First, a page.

Tuesday, January 27, 2009

That house is going to eat them alive

Ed and I spent many hours battling our old house. Basically, from the time we moved in until the time we moved out, we considered ourselves to be at war with the thing. We battled rats that were bold enough to sun themselves on the deck on occasion, weeds that could not be contained – despite near heroic efforts to do so, and small maintenance issues that are probably typical of all homes. Even on our way out, we discovered the furnace needed to be replaced and we almost stopped using the hot water for fear that the hot water heater would need to be replaced as well. You see, our home inspector told us when we moved into the joint that we’d need to replace the A/C, furnace, and hot water heater soon. And that was eight years ago. I guess outrunning two out of three appliances isn’t bad.

Anyway, much like us when we entered the home in 2001, the new owners gaze at the thing and think a coat of paint here, a refinished floor there, maybe a new oven and the place will be awesome. They honestly believe (much like we did) that they can peacefully coexist with the place. But they have no idea how evil that place can be.

At first, I was impressed with them. I thought they would be the owners to finally tame the beast. After all, at closing they told Ed and me they were getting rid of the Caloric Ultramatic oven in favor of something that doesn’t get seering hot on the outside when in use (and stay that way for quite some time afterwards so that anyone who walks by instantly thinks it’s on and attempts to turn it off, only to realize that it is off). They even said that we could have it if we wanted it (and as much as we hated that oven, we really did love it). Ed and I stared in amazement because we were all like – dude – you’re ripping the very heart and soul out of that house. This act of near violence could have really set the tone for who was going to run the show for the next few years, but it could also anger the house – similar to when we tried to modernize the dishwasher connection when we got rid of the Superba dishwasher and installed a new one which resulted in water streaming into our basement from the ceiling, above which sat the dishwasher. (Can someone please tell me why appliances don’t get these fantastic names anymore?)

And let me just say, our second inclination was correct. Already, the house has battled the new owners and won. They ripped out the carpet in the only carpeted room in the whole house. We warned them not to. Told ‘em that the previous owners had wanted to do this but told us there were stains on the floor from a dog that lived there before them that could not be removed. But the new owners are rookies. They thought they could bring in a “professional” and all would be right. Those floors? They are now as dark as possible because after the carpet was ripped out, the guy refinishing the floor said there was no way he could get rid of the stains, so instead he stained the rest of the floor to conceal the dog stain. House 1, new owners 0.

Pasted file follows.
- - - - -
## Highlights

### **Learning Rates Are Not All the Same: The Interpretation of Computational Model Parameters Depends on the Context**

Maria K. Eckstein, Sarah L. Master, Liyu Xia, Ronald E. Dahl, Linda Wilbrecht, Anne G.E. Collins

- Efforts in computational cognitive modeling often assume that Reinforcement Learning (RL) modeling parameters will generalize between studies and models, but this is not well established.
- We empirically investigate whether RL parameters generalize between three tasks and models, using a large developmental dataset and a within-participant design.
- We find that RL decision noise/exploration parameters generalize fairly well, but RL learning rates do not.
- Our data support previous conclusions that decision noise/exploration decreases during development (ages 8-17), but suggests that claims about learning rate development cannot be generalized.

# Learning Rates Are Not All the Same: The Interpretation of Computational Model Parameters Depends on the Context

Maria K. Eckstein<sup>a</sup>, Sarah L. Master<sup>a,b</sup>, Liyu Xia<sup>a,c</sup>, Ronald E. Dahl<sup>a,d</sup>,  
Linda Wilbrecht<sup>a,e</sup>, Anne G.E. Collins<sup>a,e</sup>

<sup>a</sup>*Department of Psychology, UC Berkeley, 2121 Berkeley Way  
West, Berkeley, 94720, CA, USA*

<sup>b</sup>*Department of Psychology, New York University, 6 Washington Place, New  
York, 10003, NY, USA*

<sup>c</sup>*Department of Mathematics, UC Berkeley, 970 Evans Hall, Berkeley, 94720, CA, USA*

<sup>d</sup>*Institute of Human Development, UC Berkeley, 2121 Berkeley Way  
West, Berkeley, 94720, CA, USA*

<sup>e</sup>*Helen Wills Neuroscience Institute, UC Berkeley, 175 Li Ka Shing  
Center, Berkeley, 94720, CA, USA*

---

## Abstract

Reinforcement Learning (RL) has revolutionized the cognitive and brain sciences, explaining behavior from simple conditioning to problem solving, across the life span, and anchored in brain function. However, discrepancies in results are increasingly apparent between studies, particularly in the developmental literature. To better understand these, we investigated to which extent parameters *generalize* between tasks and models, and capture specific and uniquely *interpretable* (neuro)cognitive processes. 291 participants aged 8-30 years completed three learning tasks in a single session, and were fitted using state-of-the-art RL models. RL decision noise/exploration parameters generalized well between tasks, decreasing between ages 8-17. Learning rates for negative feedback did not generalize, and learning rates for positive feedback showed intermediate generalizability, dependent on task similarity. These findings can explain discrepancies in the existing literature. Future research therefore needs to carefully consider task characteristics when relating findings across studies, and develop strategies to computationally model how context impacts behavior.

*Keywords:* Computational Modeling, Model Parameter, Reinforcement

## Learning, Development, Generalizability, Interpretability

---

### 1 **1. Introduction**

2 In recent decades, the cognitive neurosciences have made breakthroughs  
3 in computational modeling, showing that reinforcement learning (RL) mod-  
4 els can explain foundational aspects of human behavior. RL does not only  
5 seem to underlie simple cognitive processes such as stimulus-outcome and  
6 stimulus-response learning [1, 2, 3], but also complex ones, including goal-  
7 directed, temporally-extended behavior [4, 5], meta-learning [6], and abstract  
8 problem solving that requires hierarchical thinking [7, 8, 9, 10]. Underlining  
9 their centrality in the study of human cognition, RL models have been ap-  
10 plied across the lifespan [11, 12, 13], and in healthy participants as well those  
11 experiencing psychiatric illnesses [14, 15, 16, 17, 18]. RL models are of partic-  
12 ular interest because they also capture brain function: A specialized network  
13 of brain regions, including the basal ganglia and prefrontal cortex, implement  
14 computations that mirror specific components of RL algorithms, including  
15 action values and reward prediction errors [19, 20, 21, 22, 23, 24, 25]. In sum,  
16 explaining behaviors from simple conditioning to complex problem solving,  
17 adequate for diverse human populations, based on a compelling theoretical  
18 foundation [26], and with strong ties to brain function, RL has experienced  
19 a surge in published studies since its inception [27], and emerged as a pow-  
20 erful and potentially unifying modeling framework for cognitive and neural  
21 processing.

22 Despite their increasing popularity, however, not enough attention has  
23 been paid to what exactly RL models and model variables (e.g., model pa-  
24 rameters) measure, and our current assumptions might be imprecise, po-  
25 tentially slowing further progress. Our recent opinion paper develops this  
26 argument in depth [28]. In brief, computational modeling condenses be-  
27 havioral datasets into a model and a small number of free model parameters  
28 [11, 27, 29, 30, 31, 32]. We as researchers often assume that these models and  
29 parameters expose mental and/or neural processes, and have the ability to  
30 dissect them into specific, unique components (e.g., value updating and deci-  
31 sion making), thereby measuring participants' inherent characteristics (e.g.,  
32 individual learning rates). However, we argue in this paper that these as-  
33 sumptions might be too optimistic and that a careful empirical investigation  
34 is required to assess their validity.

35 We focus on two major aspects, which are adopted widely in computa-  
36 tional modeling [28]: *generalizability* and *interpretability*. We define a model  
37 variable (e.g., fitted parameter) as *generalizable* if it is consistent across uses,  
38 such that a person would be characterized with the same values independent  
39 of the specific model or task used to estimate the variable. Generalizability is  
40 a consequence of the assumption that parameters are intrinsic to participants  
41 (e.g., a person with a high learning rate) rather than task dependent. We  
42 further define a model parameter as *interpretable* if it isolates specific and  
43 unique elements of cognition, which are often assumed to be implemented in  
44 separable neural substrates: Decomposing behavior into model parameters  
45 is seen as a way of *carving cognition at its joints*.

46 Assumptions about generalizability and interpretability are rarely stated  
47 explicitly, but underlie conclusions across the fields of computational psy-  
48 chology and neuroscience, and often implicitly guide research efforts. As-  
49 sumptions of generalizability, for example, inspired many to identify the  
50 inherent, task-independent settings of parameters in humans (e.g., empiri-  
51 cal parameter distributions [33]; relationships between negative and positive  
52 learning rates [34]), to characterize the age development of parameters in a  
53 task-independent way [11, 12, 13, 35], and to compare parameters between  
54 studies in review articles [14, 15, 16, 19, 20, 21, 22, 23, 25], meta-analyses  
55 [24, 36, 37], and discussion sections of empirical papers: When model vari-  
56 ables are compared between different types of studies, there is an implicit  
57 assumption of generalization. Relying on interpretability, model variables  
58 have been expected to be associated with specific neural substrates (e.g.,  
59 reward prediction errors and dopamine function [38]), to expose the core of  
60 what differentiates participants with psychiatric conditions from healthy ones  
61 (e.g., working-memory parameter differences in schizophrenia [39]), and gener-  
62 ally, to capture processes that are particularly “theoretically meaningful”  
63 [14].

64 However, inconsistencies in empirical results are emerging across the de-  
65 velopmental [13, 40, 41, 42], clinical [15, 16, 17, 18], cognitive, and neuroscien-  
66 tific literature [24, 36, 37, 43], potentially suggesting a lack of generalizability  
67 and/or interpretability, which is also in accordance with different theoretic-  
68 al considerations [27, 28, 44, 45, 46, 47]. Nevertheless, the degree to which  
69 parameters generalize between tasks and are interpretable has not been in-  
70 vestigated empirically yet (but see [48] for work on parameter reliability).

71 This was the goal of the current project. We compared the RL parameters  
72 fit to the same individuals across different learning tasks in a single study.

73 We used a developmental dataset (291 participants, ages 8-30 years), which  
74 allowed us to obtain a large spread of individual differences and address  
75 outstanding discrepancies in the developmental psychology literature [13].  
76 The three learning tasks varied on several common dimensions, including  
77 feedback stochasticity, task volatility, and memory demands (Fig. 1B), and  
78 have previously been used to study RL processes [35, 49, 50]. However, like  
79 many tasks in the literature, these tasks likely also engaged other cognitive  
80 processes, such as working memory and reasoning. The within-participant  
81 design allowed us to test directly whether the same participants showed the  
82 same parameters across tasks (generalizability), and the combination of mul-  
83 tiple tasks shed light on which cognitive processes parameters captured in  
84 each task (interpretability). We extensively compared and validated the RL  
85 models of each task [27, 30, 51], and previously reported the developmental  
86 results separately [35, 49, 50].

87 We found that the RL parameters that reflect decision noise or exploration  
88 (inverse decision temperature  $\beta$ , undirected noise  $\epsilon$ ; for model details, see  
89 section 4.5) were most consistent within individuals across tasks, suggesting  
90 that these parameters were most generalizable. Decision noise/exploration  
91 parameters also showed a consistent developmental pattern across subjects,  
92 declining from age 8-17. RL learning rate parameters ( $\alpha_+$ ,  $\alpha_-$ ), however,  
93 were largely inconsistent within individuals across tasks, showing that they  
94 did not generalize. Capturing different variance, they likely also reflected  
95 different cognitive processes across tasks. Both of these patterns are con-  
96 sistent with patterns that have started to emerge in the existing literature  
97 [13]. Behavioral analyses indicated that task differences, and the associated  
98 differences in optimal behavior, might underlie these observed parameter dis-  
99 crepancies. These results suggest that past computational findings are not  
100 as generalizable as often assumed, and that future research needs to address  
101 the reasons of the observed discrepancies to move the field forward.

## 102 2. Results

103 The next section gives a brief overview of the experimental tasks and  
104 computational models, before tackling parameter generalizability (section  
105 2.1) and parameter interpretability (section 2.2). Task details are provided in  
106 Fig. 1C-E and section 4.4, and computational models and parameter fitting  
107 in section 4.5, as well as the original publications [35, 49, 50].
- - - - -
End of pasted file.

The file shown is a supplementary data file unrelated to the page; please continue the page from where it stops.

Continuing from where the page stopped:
I’m not sure what else they’ve done to the house – and what it has done back, but I do know by the time I got there, they were afraid of their new home. I spent a good deal of time wandering around the house answering questions about switches and plugs. They had not even attempted to turn the garbage disposal on. Instead, they waited to ask me where the switch was. The locks on the kitchen cabinet beneath the sink? They had been intimidated by them so had not stored anything in the cabinet, instead thinking that perhaps we had baby-proofed the cabinet because it was unsafe to use. (See, they're afraid of the house!) There were other instances where rather than attempting to figure something out, instead they just asked me – e.g. – what does this switch do? What are these wires for? By the time I left, I felt a little bit sorry for them. I knew that the house would own them just like it owned us, until the glorious day when they could foist it onto some other young couple looking to own their first home.

We have not yet decided whether we will have an adversarial or pleasant relationship with our new home. So far, we've been consumed with emptying boxes. Regularly, Connor makes a trip around the joint hauling off trash.

I predict by Friday we'll be completely out of boxes in the main part of the house, though some remain in basement storage. And then we can get down to business showing the new place who's the boss.


Sunday, January 25, 2009

My favorite things